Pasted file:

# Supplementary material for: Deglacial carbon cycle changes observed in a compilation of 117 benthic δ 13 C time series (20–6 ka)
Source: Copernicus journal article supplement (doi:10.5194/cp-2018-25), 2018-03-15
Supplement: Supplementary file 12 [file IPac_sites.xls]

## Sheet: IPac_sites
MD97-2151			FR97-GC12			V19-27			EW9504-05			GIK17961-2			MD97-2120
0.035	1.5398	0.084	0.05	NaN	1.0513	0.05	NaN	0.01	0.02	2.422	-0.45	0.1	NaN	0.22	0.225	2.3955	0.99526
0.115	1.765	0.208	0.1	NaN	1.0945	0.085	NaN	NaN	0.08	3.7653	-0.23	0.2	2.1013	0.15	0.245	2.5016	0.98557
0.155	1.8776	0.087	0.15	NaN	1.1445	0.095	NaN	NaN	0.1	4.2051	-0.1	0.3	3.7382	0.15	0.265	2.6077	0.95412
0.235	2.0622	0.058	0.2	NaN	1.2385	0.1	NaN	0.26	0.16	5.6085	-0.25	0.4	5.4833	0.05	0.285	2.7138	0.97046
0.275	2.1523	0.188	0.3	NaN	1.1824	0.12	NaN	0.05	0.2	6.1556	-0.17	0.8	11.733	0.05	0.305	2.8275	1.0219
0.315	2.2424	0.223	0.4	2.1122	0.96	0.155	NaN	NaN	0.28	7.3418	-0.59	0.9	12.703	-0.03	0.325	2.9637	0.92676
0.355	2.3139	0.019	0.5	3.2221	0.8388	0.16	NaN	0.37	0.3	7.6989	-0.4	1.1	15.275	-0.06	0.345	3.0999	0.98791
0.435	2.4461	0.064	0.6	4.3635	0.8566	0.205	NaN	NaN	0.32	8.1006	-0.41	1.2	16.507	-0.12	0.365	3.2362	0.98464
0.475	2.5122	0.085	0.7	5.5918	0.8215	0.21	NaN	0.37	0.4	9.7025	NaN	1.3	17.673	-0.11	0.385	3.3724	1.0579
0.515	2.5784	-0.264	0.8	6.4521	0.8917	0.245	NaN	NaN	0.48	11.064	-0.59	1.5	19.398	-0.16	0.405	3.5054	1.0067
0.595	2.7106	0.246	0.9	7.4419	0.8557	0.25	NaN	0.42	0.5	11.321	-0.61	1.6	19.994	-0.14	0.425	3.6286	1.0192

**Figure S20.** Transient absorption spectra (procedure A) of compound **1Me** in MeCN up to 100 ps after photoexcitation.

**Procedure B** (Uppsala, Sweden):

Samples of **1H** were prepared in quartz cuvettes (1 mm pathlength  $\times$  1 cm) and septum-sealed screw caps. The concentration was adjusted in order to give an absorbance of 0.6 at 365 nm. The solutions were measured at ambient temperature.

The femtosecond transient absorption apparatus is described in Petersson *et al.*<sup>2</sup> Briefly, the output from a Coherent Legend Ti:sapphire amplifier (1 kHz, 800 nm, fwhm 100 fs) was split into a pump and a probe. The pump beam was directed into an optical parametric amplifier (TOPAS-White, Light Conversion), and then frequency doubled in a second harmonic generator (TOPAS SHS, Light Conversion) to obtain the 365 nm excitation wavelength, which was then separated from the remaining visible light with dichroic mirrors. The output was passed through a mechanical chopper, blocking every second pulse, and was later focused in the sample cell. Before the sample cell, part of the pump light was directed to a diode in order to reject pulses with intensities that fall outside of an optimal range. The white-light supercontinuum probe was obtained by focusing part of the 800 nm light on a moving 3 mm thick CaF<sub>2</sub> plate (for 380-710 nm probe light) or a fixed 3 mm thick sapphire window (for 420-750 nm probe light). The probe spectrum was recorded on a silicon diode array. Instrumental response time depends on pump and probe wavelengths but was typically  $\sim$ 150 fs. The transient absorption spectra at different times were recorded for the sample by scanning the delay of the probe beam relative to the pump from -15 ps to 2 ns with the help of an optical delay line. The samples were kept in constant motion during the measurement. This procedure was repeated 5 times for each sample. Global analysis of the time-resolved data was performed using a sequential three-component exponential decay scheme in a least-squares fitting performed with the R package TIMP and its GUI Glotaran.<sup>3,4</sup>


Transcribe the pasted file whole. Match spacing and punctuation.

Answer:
# Supplementary material for: Deglacial carbon cycle changes observed in a compilation of 117 benthic δ 13 C time series (20–6 ka)
Source: Copernicus journal article supplement (doi:10.5194/cp-2018-25), 2018-03-15
Supplement: Supplementary file 12 [file IPac_sites.xls]

## Sheet: IPac_sites
MD97-2151			FR97-GC12			V19-27			EW9504-05			GIK17961-2			MD97-2120
0.035	1.5398	0.084	0.05	NaN	1.0513	0.05	NaN	0.01	0.02	2.422	-0.45	0.1	NaN	0.22	0.225	2.3955	0.99526
0.115	1.765	0.208	0.1	NaN	1.0945	0.085	NaN	NaN	0.08	3.7653	-0.23	0.2	2.1013	0.15	0.245	2.5016	0.98557
0.155	1.8776	0.087	0.15	NaN	1.1445	0.095	NaN	NaN	0.1	4.2051	-0.1	0.3	3.7382	0.15	0.265	2.6077	0.95412
0.235	2.0622	0.058	0.2	NaN	1.2385	0.1	NaN	0.26	0.16	5.6085	-0.25	0.4	5.4833	0.05	0.285	2.7138	0.97046
0.275	2.1523	0.188	0.3	NaN	1.1824	0.12	NaN	0.05	0.2	6.1556	-0.17	0.8	11.733	0.05	0.305	2.8275	1.0219
0.315	2.2424	0.223	0.4	2.1122	0.96	0.155	NaN	NaN	0.28	7.3418	-0.59	0.9	12.703	-0.03	0.325	2.9637	0.92676
0.355	2.3139	0.019	0.5	3.2221	0.8388	0.16	NaN	0.37	0.3	7.6989	-0.4	1.1	15.275	-0.06	0.345	3.0999	0.98791
0.435	2.4461	0.064	0.6	4.3635	0.8566	0.205	NaN	NaN	0.32	8.1006	-0.41	1.2	16.507	-0.12	0.365	3.2362	0.98464
0.475	2.5122	0.085	0.7	5.5918	0.8215	0.21	NaN	0.37	0.4	9.7025	NaN	1.3	17.673	-0.11	0.385	3.3724	1.0579
0.515	2.5784	-0.264	0.8	6.4521	0.8917	0.245	NaN	NaN	0.48	11.064	-0.59	1.5	19.398	-0.16	0.405	3.5054	1.0067
0.595	2.7106	0.246	0.9	7.4419	0.8557	0.25	NaN	0.42	0.5	11.321	-0.61	1.6	19.994	-0.14	0.425	3.6286	1.0192

**Figure S20.** Transient absorption spectra (procedure A) of compound **1Me** in MeCN up to 100 ps after photoexcitation.

**Procedure B** (Uppsala, Sweden):

Samples of **1H** were prepared in quartz cuvettes (1 mm pathlength  $\times$  1 cm) and septum-sealed screw caps. The concentration was adjusted in order to give an absorbance of 0.6 at 365 nm. The solutions were measured at ambient temperature.

The femtosecond transient absorption apparatus is described in Petersson *et al.*<sup>2</sup> Briefly, the output from a Coherent Legend Ti:sapphire amplifier (1 kHz, 800 nm, fwhm 100 fs) was split into a pump and a probe. The pump beam was directed into an optical parametric amplifier (TOPAS-White, Light Conversion), and then frequency doubled in a second harmonic generator (TOPAS SHS, Light Conversion) to obtain the 365 nm excitation wavelength, which was then separated from the remaining visible light with dichroic mirrors. The output was passed through a mechanical chopper, blocking every second pulse, and was later focused in the sample cell. Before the sample cell, part of the pump light was directed to a diode in order to reject pulses with intensities that fall outside of an optimal range. The white-light supercontinuum probe was obtained by focusing part of the 800 nm light on a moving 3 mm thick CaF<sub>2</sub> plate (for 380-710 nm probe light) or a fixed 3 mm thick sapphire window (for 420-750 nm probe light). The probe spectrum was recorded on a silicon diode array. Instrumental response time depends on pump and probe wavelengths but was typically  $\sim$ 150 fs. The transient absorption spectra at different times were recorded for the sample by scanning the delay of the probe beam relative to the pump from -15 ps to 2 ns with the help of an optical delay line. The samples were kept in constant motion during the measurement. This procedure was repeated 5 times for each sample. Global analysis of the time-resolved data was performed using a sequential three-component exponential decay scheme in a least-squares fitting performed with the R package TIMP and its GUI Glotaran.<sup>3,4</sup>